The Disability Rights Movement: from charity to confrontation

  • Published 2002


This is a fascinating book, meticulously researched and comprehensively covering all aspects of disability rights issues and how disabled people have engaged in the struggle for rights in the USA. I found it very difŽ cult to put down and frequently re-dipped into its pages for information. However, it took me some time to recover from the shock of discovering that, apparently, the disability rights movement has only happened in the USA. Once you have grasped that there is no allusion to any activity anywhere else in the world—with the implication that it is only in the United States that anything has ever happened, and that only attitudes and events in the USA impact on disability rights—then it is well worth reading this book. It becomes very clear how similar experiences are across cultures and that, despite dissimilar environments, Ž nancial status and opportunities, the barriers to inclusion are the same and the way disabled people have come together, reacted to each other and involved themselves in the great struggle have a unifying commonality. Because of the depth and analysis of the research, that it is only focused in the USA does not detract from what this book has to tell us. It just would have added to its importance if it had recognised that what was happening in the USA was part of a world-wide movement and that events in other countries could have an impact on the whole disability rights movement. The authors, who are sisters, academics and one of whom is a disabled person, have really looked in depth at images of disability, the impacts of services, beneŽ ts, technology, policies and legislation, and how the activities of disabled people and their organisations have effected change. They have also been refreshingly balanced and honest in their reporting, giving a clear picture of problems that have arisen within the disability movement through different organisational approaches or through con icts of interest between disabled individuals. And they have done this without in any way being detrimental to the overall thrust of the movement for rights. The book starts with a chapter on ‘Wheelchair Bound’ and ‘the Poster Child’, and gives an interesting analysis of F. D. Roosevelt’s innovative support of what we would now call independent living, while at the same time ensuring that no visual images of his impairment were made public. The fact that he had polio and did all that he could to disguise that he could not walk is well documented, but it is less well known that he started an innovative rehabilitation centre dedicated to ensuring that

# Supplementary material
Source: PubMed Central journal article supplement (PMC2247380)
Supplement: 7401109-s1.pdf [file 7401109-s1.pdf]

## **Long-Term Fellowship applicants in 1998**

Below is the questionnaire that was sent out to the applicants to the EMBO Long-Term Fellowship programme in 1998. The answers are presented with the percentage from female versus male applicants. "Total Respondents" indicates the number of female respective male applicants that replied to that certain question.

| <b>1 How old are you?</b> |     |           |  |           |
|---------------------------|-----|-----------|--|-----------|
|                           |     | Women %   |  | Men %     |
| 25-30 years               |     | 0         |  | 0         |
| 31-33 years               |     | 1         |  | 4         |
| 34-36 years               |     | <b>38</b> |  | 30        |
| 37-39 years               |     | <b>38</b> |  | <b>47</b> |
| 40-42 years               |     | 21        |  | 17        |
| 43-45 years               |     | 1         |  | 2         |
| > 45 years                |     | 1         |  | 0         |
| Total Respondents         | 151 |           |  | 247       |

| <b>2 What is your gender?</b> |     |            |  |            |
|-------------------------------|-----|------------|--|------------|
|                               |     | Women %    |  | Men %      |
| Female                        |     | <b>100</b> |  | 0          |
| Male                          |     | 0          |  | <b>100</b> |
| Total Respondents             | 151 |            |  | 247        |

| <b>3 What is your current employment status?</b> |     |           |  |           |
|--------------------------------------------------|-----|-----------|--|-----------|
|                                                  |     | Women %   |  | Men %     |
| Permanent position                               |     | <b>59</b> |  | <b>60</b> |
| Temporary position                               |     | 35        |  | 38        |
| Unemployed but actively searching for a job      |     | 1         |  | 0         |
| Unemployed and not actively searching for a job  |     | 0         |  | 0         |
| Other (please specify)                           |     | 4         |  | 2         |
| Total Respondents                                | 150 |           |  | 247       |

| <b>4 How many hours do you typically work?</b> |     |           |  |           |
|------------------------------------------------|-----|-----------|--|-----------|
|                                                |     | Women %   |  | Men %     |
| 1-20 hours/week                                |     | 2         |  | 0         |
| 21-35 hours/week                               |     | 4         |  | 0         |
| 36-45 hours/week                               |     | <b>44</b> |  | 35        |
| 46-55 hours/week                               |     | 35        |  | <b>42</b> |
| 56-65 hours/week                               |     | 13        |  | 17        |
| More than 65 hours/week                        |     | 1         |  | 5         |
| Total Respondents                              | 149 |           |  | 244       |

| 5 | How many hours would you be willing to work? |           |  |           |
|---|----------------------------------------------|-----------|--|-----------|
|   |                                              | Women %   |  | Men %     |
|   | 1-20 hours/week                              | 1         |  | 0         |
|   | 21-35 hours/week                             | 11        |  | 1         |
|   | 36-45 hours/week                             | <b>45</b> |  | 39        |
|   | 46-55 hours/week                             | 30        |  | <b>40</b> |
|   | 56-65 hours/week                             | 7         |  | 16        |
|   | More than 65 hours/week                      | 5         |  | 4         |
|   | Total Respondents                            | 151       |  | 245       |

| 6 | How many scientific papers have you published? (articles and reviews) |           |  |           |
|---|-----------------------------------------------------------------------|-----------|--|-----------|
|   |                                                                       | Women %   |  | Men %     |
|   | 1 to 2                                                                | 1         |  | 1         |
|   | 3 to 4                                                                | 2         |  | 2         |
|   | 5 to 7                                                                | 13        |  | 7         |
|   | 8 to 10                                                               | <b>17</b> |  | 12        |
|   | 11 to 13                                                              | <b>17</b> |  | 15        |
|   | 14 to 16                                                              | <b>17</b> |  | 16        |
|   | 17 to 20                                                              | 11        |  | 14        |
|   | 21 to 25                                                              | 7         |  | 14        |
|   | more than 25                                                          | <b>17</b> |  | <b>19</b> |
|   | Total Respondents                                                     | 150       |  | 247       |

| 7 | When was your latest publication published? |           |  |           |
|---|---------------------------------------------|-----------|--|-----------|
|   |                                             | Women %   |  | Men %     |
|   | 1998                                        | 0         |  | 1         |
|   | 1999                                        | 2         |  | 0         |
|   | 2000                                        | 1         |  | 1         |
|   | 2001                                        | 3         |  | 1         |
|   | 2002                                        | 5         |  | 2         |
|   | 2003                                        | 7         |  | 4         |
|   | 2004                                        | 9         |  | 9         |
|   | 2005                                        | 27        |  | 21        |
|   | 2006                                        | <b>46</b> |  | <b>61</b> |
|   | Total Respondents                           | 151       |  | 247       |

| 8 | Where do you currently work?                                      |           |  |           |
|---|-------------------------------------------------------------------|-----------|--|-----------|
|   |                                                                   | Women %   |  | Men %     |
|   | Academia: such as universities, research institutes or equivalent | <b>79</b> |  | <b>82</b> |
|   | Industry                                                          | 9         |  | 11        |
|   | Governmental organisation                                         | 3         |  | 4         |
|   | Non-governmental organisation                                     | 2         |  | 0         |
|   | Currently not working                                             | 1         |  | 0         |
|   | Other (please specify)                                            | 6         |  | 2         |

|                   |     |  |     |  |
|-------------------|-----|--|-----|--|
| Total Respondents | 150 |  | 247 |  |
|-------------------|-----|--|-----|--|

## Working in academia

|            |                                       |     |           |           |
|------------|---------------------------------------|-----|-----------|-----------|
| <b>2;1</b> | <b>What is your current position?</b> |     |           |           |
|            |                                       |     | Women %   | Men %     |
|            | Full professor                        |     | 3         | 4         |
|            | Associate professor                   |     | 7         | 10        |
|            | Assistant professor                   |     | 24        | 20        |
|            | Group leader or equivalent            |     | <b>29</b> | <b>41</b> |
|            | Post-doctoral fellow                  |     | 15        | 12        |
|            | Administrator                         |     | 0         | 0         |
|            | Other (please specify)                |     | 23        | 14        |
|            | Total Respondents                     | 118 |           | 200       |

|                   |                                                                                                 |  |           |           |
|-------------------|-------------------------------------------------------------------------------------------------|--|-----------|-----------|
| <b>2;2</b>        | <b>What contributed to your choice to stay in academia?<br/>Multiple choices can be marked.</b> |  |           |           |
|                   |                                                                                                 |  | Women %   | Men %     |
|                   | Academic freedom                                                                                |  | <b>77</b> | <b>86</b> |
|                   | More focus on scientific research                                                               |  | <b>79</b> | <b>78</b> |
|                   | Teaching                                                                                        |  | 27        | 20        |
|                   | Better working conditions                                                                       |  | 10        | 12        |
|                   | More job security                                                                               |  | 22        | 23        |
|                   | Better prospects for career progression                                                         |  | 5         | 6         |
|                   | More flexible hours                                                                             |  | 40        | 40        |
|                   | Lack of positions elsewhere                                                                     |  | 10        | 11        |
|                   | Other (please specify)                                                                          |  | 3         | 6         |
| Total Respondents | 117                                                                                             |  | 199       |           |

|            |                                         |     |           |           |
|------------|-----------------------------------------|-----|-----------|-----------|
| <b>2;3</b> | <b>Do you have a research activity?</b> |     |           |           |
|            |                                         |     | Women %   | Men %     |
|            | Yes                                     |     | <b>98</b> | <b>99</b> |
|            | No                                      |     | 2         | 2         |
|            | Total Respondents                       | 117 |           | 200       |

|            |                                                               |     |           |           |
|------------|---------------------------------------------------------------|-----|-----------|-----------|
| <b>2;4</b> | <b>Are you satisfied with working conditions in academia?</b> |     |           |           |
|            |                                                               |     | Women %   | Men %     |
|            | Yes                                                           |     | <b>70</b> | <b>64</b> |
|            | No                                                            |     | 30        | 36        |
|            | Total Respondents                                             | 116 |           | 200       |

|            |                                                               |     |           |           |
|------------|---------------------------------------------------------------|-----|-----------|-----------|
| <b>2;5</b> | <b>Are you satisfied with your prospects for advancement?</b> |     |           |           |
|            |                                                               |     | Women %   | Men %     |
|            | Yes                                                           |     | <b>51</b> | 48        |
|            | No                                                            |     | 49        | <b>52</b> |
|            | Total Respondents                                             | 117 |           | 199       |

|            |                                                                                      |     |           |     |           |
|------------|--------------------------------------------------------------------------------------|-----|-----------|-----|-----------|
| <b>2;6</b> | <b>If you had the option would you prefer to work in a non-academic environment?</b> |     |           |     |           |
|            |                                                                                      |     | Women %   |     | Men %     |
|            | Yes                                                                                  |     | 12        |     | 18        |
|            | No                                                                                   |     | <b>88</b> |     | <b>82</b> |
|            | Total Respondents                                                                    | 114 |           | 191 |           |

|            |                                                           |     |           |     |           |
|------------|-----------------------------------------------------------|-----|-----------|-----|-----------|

Cite this paper

@inproceedings{ZAMES2002TheDR, title={The Disability Rights Movement: from charity to confrontation}, author={DORIS ZAMES}, year={2002} }